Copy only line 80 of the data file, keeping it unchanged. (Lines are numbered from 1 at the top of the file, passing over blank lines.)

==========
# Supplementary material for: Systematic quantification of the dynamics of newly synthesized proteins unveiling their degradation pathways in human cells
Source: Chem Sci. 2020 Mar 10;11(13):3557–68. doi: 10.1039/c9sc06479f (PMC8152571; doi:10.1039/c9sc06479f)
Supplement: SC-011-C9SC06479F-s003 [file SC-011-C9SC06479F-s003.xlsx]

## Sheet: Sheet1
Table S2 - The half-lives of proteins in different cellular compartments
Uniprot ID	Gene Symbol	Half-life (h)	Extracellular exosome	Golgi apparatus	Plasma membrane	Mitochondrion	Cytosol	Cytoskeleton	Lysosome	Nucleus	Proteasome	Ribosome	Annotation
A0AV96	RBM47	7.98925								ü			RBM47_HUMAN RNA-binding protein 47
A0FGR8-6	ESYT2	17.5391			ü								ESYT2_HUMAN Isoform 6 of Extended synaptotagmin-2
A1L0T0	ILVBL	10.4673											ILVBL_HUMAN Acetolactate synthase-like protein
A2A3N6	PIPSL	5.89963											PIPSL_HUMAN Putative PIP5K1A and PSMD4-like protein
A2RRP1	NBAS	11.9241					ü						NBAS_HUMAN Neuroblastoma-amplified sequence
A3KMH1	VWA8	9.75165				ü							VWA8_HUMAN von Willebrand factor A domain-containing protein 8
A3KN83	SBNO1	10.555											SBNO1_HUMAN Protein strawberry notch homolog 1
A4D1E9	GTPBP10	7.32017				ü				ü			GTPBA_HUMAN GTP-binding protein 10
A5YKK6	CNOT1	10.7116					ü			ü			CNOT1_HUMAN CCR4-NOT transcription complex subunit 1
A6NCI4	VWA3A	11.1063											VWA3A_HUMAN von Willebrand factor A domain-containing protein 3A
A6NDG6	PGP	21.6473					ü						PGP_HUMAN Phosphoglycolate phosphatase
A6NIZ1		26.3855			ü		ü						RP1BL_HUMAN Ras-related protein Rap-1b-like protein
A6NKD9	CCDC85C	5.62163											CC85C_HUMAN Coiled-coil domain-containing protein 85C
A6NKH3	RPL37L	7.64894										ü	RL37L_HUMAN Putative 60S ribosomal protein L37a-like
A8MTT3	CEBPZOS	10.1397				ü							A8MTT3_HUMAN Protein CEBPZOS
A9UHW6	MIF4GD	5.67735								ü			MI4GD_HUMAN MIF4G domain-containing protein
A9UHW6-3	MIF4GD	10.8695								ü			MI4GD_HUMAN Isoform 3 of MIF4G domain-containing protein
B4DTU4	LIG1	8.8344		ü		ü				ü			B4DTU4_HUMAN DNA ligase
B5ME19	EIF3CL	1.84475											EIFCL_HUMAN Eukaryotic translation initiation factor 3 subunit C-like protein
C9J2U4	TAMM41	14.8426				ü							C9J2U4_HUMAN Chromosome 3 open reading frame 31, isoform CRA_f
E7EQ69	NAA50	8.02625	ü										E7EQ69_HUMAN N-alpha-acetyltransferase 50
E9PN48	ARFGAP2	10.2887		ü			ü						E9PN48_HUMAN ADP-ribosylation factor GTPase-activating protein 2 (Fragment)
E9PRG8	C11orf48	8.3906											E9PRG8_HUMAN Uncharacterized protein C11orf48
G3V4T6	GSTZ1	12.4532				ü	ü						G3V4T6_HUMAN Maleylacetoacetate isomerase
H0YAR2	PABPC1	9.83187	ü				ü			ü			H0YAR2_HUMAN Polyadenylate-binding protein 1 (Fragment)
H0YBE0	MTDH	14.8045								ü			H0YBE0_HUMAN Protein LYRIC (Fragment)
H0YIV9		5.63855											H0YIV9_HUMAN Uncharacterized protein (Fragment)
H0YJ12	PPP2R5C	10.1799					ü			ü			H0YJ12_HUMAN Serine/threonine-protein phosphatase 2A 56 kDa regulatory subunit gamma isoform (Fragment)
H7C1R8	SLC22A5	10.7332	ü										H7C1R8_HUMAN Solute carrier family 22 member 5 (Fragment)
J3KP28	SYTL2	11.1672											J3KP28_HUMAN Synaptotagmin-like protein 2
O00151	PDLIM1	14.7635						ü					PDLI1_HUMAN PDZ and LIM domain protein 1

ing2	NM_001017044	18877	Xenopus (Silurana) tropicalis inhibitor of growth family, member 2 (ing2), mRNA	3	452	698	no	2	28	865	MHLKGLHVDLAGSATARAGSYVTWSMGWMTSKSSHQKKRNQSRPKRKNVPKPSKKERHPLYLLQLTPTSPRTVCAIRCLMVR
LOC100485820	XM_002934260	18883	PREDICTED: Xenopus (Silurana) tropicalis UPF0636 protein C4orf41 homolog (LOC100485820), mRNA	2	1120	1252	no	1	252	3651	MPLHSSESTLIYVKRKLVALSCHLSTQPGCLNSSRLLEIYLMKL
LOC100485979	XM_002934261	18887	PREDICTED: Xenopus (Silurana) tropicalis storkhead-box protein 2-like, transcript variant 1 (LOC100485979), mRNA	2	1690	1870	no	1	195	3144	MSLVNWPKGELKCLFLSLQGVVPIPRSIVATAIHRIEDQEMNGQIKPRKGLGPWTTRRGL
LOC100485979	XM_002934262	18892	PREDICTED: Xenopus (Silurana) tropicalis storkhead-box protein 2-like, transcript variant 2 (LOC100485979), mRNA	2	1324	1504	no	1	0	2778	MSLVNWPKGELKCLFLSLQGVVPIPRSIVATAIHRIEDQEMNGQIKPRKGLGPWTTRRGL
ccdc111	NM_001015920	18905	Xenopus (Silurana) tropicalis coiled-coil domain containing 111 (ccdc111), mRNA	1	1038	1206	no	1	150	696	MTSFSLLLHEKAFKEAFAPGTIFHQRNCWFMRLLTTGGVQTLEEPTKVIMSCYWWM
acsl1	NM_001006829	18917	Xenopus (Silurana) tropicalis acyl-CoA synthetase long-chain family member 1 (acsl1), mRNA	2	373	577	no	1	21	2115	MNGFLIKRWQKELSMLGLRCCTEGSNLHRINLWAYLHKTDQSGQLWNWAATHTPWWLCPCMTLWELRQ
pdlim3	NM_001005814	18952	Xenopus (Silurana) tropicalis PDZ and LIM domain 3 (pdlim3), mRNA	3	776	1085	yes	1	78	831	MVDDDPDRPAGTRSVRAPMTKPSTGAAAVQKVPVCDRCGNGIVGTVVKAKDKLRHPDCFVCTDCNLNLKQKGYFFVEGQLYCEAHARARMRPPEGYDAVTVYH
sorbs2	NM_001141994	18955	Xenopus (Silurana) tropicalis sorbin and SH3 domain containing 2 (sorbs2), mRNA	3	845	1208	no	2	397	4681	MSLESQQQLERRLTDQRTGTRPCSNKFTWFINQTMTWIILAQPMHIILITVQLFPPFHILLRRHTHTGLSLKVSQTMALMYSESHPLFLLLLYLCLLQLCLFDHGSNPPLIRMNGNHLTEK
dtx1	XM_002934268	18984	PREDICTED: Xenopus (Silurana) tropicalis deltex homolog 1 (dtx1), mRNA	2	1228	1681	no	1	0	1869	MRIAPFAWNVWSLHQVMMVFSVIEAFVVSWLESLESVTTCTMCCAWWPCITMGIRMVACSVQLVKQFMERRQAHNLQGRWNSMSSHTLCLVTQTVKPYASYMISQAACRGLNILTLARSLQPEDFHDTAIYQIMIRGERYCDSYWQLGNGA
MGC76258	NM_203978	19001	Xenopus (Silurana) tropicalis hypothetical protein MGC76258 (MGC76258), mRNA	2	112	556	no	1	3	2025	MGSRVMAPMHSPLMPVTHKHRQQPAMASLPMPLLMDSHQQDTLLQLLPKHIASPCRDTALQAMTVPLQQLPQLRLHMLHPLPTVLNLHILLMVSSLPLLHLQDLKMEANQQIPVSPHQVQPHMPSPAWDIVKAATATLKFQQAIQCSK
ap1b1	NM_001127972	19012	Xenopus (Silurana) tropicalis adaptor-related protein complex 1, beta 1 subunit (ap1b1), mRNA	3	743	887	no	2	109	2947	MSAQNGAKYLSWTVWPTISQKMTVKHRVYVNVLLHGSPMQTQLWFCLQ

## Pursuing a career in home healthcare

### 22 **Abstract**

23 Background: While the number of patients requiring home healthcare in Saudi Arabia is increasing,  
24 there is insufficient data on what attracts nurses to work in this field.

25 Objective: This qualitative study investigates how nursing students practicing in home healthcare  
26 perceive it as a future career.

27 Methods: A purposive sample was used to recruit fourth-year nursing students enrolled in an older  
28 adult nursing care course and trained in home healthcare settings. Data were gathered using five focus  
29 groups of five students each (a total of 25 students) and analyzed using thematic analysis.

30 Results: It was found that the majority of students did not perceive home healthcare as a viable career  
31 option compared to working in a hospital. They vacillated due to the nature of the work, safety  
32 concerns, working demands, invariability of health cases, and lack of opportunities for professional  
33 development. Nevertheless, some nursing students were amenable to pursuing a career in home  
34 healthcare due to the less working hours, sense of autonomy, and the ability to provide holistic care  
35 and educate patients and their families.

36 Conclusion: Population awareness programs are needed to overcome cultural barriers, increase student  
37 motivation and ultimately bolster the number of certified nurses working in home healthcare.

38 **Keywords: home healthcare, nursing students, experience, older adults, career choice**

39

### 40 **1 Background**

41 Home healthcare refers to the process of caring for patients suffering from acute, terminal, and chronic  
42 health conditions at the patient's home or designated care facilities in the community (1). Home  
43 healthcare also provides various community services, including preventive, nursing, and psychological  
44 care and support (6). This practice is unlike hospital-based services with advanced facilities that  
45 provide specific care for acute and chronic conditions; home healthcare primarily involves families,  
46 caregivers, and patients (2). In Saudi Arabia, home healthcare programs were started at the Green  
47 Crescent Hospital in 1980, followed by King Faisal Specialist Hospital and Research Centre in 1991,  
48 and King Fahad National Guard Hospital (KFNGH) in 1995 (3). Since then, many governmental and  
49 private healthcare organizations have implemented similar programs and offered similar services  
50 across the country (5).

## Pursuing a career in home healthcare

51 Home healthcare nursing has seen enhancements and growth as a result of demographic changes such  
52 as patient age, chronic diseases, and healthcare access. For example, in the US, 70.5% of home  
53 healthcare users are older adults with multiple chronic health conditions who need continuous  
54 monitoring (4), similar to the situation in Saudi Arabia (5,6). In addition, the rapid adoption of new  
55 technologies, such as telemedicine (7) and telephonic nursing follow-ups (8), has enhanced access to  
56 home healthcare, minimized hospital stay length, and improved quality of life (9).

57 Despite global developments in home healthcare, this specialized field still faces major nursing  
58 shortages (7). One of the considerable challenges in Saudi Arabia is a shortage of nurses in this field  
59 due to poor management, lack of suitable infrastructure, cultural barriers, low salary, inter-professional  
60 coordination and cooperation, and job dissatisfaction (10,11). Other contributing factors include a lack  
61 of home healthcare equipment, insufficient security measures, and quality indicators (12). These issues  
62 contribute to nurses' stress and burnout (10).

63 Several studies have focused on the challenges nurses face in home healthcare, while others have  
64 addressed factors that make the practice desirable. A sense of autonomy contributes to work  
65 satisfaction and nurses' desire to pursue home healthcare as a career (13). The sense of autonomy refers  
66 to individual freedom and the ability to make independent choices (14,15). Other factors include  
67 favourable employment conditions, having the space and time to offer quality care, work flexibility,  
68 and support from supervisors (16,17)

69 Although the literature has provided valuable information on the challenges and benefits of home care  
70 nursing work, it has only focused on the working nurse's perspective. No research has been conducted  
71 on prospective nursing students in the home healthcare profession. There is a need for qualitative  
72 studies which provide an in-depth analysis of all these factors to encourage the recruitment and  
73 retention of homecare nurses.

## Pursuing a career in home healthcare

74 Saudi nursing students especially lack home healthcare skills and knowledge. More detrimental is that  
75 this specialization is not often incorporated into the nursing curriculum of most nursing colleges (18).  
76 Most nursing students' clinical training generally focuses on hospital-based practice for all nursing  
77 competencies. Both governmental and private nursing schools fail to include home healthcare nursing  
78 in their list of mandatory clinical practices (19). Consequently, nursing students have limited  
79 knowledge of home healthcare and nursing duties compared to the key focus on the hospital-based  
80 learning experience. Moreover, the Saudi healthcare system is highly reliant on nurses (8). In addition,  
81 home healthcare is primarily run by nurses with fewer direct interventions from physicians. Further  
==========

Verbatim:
51 Home healthcare nursing has seen enhancements and growth as a result of demographic changes such  